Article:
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The Ethnic Conflict Research Digest

1999, Vol. 2 No. 1 .

Sisters in Sorrow: Voices of Care in the Holocaust
Edited by Roger A Ritvo and Diane M Plotkin

(College Station, TX: Texas A&M University Press, 1998)
314pp. Index. Bibl. Hb.: $35.95; ISBN 0-89096-810-1..

This book contains the harrowing personal testimonies, letters and reflections of various Jewish doctors and nurses who took care of the sick and infirm in Nazi transit and concentration camps. It contains telling observations and details of significant differences in conditions between Theresienstadt, Westerbork, Auschwitz and Belsen. It also contrasts the treatment of women and men in the camps, and provides a different perspective on the experiences of women prisoners.

The volume chronicles the ingenuity and resilience, plus the survival skills which these women exhibited in adapting to the concentration camp environment - hampered by unsanitary conditions, a starvation diet, the lack of medicine and hospital equipment such as anaesthetics, disinfectants, sterilisation instruments and hot water. Despite the petty humiliations designed to degrade and dehumanise the victims, and the debilitating insecurity and uncertainty of living under constant threat of death, the women alleviated the suffering of their fellow victims and attempted to maintain as normal a life as possible, and to remain human in the most inhuman conditions. Nevertheless, it proved impossible to live without 'dirty hands', and breaking the rules of traditional behaviour became unavoidable in the struggle for survival. The volume addresses the agonising moral dilemmas that confronted these women carers: that it was necessary to participate in the Nazi killing process in order to save lives. Because the Nazis decreed that pregnant women were to be gassed, and new-born babies to be killed, the women doctors were forced to compromise their professional integrity and ethical standards in an attempt to save the lives of the mothers. The healers were trapped in an escapable medical paradox, having to perform clandestine abortions, which contravened their professional and personal ethics, and killing new-born babies in order to save their mothers from the gas chambers.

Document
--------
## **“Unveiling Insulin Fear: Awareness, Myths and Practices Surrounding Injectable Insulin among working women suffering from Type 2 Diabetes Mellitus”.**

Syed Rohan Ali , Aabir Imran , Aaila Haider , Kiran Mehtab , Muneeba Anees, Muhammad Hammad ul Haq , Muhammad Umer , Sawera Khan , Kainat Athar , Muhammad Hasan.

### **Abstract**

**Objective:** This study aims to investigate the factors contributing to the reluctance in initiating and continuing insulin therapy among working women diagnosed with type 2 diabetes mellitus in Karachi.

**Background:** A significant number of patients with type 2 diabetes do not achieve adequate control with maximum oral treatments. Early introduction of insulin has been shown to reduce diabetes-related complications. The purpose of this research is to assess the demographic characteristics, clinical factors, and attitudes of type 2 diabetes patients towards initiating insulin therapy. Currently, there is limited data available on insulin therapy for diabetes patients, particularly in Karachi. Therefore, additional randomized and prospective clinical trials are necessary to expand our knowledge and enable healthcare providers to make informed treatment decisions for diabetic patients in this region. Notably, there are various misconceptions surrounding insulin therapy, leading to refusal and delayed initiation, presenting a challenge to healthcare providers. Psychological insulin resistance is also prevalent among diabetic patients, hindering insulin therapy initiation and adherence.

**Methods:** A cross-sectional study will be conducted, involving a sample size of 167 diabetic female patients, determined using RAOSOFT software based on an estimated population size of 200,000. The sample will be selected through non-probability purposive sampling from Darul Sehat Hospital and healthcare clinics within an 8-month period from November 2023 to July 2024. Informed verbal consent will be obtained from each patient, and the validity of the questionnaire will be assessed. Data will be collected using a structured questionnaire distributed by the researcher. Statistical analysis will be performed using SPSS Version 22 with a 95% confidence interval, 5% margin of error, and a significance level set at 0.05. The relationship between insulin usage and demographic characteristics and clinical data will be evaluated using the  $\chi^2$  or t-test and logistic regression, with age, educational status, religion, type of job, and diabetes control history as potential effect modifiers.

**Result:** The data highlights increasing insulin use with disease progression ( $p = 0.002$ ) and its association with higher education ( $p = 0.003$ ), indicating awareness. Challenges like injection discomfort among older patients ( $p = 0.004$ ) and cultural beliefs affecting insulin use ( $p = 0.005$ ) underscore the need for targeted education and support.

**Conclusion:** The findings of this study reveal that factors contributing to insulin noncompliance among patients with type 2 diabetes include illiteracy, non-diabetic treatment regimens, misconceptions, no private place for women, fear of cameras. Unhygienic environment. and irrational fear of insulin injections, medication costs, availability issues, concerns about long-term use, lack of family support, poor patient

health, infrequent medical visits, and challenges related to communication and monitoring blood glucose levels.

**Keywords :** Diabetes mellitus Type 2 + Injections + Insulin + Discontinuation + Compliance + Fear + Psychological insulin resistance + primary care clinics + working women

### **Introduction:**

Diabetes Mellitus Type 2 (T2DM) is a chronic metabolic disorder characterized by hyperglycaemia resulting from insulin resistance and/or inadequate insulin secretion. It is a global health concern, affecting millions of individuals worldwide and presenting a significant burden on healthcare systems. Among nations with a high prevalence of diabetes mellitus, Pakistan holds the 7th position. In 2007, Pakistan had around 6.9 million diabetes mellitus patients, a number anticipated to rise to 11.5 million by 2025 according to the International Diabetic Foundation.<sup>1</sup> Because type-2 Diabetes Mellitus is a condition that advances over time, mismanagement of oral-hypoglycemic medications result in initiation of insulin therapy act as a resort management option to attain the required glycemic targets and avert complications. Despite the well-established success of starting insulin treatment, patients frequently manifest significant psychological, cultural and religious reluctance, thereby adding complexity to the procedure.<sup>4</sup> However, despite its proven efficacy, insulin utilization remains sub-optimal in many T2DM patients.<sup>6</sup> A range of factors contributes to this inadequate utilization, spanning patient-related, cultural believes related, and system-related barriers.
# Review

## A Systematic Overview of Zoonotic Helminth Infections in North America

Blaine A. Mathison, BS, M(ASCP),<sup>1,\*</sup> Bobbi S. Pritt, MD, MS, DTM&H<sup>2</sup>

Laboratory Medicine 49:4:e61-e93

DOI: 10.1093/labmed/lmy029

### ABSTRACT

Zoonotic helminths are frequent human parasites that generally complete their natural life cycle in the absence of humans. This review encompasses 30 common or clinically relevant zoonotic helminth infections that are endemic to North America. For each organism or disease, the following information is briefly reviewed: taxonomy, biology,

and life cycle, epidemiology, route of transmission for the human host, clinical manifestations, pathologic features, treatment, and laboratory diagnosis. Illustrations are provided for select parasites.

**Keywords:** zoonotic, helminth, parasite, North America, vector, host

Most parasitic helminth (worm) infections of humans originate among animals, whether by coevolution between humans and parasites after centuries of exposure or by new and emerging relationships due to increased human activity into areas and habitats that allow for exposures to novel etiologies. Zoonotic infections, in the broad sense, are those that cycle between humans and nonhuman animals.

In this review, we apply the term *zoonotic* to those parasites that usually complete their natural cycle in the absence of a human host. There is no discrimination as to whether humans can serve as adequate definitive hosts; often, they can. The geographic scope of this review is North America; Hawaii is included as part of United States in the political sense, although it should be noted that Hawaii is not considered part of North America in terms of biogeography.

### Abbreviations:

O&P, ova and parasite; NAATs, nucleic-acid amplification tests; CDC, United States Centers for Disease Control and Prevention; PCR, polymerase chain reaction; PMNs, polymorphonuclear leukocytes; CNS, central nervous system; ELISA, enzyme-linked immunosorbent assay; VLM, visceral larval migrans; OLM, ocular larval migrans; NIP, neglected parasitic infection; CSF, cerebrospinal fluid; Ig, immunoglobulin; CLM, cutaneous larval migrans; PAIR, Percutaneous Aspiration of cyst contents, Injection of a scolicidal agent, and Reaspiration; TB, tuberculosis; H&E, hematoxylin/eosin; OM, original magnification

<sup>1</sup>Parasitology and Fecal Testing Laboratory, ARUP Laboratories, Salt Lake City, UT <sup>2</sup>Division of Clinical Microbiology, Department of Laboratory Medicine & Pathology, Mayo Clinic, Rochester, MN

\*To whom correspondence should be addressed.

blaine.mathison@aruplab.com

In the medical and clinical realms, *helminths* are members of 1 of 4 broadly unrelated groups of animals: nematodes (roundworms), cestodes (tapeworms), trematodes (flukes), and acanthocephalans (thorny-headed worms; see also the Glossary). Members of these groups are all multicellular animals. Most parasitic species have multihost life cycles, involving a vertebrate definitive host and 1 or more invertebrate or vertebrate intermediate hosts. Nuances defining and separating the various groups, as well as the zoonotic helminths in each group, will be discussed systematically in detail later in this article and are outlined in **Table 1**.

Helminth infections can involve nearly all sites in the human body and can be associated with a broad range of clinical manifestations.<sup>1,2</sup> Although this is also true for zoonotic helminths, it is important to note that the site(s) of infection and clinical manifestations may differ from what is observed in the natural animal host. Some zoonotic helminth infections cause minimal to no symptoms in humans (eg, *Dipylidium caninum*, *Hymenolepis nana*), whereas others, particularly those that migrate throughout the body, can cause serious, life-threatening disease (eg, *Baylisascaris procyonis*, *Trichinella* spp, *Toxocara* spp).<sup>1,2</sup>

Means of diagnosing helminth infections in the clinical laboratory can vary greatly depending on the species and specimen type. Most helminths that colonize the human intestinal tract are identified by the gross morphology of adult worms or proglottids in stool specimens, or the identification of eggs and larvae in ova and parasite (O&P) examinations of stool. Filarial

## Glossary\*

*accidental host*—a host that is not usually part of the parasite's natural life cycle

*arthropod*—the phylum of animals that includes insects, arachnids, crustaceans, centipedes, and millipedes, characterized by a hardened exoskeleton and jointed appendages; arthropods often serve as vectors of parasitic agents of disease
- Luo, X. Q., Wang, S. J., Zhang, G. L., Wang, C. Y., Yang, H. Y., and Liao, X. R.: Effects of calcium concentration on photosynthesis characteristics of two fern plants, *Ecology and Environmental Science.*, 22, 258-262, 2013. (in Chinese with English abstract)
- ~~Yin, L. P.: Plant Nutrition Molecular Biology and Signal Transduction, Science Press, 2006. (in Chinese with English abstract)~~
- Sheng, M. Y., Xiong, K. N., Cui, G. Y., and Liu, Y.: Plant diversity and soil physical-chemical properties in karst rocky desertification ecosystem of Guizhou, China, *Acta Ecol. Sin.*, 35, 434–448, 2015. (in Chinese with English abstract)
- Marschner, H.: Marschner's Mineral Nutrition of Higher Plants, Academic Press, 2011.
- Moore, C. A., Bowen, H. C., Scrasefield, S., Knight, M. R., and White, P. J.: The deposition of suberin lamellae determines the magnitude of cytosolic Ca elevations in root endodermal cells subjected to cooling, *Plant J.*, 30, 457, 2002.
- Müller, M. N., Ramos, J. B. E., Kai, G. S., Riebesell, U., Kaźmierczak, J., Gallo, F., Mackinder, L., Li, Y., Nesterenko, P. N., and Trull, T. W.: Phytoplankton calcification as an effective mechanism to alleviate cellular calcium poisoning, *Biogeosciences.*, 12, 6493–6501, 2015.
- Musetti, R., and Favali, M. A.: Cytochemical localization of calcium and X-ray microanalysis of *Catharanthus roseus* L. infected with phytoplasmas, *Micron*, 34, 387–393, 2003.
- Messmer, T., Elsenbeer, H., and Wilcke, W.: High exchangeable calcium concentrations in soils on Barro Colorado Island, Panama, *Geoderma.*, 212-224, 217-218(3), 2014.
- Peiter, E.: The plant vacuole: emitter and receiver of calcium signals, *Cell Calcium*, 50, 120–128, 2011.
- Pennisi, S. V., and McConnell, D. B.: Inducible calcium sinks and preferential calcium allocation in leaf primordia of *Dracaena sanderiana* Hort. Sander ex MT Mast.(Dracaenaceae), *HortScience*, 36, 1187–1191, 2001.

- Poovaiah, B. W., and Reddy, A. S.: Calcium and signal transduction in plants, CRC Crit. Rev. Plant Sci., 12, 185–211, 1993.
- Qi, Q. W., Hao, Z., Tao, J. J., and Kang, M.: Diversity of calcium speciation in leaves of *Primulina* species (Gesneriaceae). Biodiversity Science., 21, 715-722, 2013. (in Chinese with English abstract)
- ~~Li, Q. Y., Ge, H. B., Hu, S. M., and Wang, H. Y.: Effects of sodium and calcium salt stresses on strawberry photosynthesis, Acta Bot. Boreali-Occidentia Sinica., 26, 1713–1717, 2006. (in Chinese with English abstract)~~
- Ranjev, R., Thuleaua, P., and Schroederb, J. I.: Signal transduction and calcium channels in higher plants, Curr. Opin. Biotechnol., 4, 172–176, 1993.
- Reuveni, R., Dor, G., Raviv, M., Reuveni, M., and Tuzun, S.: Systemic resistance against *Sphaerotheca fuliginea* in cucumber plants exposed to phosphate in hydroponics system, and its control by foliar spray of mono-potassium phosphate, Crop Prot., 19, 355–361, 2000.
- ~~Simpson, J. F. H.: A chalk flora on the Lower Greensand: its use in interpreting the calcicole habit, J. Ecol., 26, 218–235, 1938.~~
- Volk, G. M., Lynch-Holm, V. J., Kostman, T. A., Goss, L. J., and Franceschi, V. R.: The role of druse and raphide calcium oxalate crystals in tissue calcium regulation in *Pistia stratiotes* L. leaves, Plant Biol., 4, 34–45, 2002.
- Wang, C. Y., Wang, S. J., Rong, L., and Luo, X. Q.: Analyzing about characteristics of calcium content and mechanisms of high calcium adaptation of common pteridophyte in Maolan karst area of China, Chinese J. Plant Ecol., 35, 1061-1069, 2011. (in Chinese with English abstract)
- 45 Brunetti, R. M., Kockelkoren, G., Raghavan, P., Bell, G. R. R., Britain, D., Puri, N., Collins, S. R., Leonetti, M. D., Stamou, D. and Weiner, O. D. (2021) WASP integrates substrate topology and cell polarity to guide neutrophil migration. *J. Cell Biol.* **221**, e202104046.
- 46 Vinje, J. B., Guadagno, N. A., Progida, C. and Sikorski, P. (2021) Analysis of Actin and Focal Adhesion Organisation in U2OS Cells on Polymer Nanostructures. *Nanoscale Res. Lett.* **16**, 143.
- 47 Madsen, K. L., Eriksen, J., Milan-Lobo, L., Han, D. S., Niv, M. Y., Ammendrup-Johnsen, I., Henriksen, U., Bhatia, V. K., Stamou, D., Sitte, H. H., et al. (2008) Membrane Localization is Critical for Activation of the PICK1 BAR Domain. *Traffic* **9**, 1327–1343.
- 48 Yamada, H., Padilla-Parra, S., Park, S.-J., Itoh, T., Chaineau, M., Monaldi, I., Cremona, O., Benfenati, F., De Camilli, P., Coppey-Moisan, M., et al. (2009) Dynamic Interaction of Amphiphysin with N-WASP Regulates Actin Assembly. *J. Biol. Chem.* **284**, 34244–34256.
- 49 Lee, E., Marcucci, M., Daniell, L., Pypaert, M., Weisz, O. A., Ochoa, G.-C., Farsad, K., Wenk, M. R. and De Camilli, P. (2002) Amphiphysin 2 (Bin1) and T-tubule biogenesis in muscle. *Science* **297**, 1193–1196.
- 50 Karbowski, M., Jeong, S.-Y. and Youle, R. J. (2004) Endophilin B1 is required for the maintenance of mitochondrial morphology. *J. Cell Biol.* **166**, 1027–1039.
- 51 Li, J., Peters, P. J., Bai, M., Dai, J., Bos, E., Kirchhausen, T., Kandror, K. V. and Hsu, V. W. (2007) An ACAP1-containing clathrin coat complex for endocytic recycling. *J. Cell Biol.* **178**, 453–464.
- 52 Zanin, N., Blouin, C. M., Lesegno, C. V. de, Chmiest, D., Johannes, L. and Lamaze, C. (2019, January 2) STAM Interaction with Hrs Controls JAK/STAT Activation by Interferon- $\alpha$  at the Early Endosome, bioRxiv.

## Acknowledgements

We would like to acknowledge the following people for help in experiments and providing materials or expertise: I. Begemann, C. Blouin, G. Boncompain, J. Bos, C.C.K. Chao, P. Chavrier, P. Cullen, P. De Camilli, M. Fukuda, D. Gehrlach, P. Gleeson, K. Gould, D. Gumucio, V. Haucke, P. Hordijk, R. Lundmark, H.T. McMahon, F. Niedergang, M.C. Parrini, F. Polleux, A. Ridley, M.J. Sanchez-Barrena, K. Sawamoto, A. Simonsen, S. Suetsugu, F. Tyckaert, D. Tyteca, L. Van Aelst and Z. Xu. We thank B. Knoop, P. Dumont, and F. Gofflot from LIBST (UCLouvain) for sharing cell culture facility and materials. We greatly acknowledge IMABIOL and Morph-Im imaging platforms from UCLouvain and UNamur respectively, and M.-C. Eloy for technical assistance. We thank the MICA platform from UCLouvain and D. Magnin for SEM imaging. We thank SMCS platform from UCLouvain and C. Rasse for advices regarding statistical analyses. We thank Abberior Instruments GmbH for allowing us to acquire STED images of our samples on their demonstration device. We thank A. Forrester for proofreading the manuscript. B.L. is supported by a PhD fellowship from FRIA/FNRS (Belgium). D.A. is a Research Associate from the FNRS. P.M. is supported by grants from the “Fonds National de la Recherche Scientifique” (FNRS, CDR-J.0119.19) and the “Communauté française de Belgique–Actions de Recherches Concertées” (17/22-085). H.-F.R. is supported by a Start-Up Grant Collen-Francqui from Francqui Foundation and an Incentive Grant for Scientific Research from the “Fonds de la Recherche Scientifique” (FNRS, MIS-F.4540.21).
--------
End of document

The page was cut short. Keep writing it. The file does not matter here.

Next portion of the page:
It is poignant that many of the accounts refer to the incomprehension and indifference that the women encountered on liberation, and returning to their former homes as refugees. One observed: "You feel nobody can understand what you went through...we were at home but we were strangers"(p. 91).

For the most part the material is descriptive in form, and not a contribution to the analytical literature of the Holocaust. However, there are some unforgettable personal stories, and important moral issues are raised. The book is a useful addition to the subject, and a supplement to such classics as Olga Lengyel's Five Chimneys and Robert Jay Lifton's The Nazi Doctors.

Rab Bennett, Manchester Metropolitan University

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